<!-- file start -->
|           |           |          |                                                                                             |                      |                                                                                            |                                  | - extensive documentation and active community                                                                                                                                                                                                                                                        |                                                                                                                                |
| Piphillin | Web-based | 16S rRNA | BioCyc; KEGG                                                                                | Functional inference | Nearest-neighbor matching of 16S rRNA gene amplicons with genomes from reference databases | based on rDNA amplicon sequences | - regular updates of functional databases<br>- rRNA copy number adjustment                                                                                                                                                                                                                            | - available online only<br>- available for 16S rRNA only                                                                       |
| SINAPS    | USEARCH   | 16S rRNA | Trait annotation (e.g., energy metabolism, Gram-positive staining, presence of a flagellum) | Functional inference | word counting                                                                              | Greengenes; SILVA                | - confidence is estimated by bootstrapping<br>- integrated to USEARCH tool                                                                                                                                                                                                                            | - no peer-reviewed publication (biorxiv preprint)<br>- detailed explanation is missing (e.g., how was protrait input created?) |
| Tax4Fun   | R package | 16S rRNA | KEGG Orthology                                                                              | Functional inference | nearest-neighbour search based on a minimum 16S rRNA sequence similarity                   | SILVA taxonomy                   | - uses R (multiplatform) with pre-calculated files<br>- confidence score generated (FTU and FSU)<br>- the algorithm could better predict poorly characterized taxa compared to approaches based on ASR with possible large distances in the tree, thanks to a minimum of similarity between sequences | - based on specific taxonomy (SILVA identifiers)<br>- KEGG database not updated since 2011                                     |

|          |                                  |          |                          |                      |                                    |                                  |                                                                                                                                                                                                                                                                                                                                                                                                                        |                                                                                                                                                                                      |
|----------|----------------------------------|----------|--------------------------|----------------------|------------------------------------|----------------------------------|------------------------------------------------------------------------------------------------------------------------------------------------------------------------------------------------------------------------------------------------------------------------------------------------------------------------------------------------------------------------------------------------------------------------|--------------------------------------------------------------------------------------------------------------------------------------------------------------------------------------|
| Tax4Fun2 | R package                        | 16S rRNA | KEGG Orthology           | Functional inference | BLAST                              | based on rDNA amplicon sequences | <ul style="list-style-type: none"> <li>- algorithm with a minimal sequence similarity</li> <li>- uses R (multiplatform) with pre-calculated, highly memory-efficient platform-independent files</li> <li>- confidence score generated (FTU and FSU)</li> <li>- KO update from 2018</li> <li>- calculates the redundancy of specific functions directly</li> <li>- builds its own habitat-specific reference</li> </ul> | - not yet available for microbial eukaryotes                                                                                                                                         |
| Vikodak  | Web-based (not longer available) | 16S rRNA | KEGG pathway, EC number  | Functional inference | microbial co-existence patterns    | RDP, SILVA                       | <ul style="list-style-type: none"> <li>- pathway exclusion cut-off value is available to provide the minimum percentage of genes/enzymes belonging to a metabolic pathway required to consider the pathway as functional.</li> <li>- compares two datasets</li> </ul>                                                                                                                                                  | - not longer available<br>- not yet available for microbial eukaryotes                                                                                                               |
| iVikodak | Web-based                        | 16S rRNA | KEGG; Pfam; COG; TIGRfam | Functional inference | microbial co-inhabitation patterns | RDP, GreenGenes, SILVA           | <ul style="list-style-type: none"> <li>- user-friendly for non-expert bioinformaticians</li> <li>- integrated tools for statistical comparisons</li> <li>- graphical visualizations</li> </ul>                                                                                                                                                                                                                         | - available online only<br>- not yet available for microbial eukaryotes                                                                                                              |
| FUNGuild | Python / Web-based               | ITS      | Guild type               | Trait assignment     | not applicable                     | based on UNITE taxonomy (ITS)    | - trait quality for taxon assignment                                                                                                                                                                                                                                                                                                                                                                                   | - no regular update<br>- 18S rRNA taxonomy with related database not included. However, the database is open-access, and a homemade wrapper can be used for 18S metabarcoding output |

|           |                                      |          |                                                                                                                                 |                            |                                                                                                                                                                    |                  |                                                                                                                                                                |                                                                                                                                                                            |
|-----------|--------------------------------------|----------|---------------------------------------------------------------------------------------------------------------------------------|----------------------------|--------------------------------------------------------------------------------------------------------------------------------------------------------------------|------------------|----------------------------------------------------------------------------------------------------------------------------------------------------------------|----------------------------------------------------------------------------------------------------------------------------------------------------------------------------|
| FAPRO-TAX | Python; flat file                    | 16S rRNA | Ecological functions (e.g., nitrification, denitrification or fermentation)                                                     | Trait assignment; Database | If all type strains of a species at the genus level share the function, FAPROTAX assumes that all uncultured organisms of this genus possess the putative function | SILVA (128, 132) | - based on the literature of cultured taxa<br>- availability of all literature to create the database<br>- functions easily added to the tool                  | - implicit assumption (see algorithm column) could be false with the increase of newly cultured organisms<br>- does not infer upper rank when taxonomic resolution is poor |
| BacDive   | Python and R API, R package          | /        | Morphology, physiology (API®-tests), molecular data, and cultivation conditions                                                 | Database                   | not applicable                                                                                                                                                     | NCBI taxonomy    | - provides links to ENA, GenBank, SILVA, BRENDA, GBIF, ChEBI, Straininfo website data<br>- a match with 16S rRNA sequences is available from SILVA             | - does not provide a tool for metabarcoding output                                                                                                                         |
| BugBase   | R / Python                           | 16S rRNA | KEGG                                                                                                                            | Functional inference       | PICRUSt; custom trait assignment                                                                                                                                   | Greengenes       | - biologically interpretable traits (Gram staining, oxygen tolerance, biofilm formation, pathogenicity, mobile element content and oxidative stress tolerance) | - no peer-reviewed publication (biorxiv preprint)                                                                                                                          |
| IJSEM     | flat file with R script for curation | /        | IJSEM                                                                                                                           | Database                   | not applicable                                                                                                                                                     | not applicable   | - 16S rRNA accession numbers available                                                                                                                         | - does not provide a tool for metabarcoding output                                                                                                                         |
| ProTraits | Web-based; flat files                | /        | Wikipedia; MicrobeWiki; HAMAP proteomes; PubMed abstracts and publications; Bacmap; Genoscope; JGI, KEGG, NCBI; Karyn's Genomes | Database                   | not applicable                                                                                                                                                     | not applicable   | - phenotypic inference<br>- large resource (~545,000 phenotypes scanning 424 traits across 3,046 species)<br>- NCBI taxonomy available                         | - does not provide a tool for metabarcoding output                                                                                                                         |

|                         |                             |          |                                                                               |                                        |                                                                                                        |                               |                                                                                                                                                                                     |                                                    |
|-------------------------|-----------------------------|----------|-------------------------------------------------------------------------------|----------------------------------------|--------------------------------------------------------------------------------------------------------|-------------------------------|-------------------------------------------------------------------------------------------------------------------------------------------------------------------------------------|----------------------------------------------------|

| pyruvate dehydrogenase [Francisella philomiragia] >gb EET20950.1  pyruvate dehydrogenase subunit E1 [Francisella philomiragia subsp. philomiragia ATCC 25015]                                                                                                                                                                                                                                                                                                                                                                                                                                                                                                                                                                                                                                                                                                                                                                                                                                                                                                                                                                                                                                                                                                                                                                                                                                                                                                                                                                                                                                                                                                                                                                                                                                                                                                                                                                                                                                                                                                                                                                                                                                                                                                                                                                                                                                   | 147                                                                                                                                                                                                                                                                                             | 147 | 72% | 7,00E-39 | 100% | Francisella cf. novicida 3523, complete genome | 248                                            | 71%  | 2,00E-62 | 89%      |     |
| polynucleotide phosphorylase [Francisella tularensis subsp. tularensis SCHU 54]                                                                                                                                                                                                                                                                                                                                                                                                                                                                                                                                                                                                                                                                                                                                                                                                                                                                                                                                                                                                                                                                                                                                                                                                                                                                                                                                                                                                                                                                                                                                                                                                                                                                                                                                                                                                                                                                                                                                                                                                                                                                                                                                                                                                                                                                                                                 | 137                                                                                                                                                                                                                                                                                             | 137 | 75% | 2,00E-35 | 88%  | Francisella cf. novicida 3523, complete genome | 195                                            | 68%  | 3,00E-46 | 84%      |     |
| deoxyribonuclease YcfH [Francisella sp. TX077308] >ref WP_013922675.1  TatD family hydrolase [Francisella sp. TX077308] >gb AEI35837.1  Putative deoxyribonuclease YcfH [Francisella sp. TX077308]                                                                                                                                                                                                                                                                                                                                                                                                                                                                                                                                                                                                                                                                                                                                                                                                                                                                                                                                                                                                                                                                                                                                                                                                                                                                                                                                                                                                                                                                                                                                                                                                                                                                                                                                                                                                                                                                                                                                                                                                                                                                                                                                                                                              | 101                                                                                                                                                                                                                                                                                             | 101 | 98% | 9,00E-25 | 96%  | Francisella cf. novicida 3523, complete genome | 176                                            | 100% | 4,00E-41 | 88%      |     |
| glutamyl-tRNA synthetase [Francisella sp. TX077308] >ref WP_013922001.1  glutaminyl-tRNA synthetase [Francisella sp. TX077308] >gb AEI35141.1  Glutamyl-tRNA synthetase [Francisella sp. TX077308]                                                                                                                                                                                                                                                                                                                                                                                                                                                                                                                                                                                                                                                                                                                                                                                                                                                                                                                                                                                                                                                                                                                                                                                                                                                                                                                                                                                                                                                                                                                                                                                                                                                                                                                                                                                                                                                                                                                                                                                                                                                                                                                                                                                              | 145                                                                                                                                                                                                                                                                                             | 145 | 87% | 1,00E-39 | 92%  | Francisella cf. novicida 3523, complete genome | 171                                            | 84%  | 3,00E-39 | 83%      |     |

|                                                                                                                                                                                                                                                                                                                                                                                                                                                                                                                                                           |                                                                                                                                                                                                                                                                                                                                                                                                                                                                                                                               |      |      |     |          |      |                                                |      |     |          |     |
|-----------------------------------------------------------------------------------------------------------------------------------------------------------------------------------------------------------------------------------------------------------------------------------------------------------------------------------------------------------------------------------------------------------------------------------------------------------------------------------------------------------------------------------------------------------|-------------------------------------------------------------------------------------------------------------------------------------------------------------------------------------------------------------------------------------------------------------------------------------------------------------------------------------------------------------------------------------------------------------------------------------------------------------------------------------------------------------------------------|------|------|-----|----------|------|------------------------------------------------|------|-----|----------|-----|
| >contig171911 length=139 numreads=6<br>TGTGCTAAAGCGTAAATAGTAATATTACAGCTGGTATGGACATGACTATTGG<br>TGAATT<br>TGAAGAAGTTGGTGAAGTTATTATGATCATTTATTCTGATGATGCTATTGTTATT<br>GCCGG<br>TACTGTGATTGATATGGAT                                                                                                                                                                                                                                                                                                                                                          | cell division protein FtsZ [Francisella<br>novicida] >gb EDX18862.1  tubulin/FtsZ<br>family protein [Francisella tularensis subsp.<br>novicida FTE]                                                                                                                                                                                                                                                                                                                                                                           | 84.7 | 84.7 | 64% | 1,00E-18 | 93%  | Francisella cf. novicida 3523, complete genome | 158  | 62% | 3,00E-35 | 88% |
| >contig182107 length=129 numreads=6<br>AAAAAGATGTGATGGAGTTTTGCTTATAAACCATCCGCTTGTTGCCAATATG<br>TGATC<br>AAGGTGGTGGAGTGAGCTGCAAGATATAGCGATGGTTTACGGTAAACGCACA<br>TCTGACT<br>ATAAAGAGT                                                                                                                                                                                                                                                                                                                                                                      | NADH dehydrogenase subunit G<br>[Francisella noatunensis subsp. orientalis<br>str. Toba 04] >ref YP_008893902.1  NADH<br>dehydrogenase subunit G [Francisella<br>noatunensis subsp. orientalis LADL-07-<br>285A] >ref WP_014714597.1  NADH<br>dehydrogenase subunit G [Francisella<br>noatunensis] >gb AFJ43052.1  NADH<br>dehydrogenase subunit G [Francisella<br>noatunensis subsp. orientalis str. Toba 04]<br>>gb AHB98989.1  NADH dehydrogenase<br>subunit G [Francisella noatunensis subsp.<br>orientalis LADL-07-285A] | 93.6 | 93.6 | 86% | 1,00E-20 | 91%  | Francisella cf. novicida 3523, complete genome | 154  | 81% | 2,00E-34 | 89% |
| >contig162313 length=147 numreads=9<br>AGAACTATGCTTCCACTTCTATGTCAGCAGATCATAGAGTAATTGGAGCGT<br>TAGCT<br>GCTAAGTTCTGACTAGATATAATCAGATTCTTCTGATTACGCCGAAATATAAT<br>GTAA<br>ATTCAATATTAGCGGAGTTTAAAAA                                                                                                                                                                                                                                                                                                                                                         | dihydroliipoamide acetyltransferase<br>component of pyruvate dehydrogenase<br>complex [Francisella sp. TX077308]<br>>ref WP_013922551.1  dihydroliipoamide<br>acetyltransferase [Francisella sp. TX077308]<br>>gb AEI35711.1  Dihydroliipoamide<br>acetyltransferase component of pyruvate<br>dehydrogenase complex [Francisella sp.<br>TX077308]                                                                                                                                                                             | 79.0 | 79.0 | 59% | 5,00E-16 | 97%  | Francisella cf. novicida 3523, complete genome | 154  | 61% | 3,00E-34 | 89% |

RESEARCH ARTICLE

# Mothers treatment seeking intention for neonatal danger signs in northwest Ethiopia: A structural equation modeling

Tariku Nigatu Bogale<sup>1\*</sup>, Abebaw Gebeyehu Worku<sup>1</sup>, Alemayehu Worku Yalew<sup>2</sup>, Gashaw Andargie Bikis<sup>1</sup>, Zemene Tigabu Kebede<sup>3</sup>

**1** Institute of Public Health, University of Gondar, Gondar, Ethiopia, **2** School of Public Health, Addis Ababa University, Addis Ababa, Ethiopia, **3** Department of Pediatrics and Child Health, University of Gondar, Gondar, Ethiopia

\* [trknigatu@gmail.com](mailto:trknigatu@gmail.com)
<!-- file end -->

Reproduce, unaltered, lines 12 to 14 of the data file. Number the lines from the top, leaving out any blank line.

|-----------|--------------------------------------|----------|---------------------------------------------------------------------------------------------------------------------------------|----------------------------|--------------------------------------------------------------------------------------------------------------------------------------------------------------------|------------------|----------------------------------------------------------------------------------------------------------------------------------------------------------------|----------------------------------------------------------------------------------------------------------------------------------------------------------------------------|
| FAPRO-TAX | Python; flat file                    | 16S rRNA | Ecological functions (e.g., nitrification, denitrification or fermentation)                                                     | Trait assignment; Database | If all type strains of a species at the genus level share the function, FAPROTAX assumes that all uncultured organisms of this genus possess the putative function | SILVA (128, 132) | - based on the literature of cultured taxa<br>- availability of all literature to create the database<br>- functions easily added to the tool                  | - implicit assumption (see algorithm column) could be false with the increase of newly cultured organisms<br>- does not infer upper rank when taxonomic resolution is poor |
| BacDive   | Python and R API, R package          | /        | Morphology, physiology (API®-tests), molecular data, and cultivation conditions                                                 | Database                   | not applicable                                                                                                                                                     | NCBI taxonomy    | - provides links to ENA, GenBank, SILVA, BRENDA, GBIF, ChEBI, Straininfo website data<br>- a match with 16S rRNA sequences is available from SILVA             | - does not provide a tool for metabarcoding output                                                                                                                         |